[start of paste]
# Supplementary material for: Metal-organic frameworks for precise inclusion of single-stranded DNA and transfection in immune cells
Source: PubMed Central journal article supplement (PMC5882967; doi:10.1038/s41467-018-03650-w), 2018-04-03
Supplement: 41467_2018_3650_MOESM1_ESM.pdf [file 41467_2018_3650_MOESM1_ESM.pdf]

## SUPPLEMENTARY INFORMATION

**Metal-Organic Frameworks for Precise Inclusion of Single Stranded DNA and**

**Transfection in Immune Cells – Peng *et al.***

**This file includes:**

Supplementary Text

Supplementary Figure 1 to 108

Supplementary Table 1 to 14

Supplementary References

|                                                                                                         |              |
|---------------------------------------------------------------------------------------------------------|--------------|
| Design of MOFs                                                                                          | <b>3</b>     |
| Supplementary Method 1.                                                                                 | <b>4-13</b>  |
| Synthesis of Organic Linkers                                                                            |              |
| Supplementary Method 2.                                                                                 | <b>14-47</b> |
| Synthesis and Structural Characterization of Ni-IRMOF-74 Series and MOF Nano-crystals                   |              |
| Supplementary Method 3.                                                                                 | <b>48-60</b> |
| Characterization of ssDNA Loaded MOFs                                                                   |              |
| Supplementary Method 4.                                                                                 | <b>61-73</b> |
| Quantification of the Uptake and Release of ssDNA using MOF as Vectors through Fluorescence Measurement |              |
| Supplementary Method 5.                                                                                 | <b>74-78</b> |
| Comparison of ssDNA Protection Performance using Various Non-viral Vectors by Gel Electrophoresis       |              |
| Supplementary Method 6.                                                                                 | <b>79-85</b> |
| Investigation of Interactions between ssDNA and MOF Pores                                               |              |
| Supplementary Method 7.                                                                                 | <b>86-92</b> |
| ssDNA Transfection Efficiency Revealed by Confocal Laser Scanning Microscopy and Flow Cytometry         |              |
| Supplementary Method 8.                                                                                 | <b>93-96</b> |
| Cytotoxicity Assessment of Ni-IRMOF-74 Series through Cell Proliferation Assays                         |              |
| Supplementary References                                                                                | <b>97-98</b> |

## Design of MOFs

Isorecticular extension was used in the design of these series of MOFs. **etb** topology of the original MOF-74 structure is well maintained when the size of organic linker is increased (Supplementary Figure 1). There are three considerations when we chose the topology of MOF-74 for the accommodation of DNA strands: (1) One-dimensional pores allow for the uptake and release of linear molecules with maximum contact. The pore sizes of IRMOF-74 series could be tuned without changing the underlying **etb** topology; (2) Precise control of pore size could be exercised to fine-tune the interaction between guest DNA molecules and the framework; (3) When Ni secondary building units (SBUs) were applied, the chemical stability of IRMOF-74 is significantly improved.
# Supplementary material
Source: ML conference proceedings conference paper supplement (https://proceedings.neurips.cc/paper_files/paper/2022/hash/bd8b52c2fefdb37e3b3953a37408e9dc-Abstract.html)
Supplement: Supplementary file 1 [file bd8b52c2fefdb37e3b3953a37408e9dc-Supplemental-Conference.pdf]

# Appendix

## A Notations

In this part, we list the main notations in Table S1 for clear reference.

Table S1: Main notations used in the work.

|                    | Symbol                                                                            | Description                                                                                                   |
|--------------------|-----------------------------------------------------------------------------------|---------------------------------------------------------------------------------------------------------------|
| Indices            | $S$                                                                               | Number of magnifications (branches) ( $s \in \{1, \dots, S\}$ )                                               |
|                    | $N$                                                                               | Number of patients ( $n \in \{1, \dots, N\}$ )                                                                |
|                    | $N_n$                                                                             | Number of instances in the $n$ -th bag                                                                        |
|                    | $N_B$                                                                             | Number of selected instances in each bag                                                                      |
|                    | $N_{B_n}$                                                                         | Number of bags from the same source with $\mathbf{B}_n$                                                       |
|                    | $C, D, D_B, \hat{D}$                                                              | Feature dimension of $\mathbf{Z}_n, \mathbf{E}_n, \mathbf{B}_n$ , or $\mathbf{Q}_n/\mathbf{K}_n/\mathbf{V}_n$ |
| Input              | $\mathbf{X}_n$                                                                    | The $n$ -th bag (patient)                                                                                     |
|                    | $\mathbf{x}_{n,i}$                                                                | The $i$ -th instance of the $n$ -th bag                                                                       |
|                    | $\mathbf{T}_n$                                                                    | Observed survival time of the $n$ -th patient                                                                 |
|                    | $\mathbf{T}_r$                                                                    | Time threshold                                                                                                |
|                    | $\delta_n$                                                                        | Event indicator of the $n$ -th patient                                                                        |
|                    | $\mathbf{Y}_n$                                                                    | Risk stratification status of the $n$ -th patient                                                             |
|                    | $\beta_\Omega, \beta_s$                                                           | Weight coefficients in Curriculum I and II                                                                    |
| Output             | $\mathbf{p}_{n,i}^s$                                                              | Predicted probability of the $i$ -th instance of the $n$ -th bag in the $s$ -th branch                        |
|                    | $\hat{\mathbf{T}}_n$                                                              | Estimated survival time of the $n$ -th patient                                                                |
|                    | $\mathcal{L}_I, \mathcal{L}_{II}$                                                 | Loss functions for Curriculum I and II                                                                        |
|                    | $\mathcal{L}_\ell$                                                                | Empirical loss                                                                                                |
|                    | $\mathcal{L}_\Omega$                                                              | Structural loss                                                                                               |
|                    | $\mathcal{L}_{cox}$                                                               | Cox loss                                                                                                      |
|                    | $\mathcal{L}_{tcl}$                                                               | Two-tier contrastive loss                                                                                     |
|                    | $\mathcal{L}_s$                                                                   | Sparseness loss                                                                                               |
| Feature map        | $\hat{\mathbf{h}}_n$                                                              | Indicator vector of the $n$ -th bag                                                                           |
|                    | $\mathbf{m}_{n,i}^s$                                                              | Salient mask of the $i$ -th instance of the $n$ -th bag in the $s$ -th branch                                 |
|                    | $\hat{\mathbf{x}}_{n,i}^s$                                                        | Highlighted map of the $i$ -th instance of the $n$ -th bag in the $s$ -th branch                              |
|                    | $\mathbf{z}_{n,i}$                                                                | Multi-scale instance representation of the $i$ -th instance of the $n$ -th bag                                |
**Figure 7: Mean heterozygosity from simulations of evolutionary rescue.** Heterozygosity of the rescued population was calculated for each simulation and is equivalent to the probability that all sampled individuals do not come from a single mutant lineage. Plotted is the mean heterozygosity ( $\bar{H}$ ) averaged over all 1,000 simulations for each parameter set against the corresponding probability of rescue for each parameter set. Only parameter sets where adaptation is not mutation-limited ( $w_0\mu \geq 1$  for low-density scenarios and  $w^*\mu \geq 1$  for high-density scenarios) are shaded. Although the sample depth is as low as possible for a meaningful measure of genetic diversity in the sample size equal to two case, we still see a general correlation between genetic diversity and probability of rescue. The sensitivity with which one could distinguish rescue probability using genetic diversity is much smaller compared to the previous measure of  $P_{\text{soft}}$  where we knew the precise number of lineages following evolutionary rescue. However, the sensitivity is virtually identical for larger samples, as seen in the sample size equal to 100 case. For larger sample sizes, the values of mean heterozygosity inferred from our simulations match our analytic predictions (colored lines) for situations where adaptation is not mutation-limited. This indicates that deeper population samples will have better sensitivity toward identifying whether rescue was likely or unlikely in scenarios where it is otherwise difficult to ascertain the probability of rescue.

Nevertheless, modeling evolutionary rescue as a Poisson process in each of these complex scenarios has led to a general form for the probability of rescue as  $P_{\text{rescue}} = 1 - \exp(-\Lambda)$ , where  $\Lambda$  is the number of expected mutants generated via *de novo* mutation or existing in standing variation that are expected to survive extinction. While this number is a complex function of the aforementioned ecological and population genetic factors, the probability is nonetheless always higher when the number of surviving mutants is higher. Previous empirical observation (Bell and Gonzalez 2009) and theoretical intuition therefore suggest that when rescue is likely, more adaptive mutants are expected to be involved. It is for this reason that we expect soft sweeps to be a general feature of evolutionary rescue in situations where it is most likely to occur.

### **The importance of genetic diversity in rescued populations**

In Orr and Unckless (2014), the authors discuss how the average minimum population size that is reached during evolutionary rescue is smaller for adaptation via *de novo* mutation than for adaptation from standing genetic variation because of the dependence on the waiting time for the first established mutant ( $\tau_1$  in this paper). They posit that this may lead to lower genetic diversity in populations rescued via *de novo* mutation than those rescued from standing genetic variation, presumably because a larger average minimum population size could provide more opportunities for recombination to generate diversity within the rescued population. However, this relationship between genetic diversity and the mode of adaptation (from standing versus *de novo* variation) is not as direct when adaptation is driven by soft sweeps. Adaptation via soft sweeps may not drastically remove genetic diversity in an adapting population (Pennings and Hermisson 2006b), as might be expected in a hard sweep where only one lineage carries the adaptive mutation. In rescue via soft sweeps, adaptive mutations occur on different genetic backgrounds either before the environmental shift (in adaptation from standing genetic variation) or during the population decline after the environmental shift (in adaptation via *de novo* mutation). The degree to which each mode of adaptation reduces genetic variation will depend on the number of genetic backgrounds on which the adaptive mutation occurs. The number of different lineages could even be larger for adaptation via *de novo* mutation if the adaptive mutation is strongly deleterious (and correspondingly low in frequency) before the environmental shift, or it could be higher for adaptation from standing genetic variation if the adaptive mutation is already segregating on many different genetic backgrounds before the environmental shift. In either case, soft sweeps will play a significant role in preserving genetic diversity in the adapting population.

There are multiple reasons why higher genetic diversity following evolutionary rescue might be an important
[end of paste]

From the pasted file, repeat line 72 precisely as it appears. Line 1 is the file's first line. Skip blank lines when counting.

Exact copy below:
There are multiple reasons why higher genetic diversity following evolutionary rescue might be an important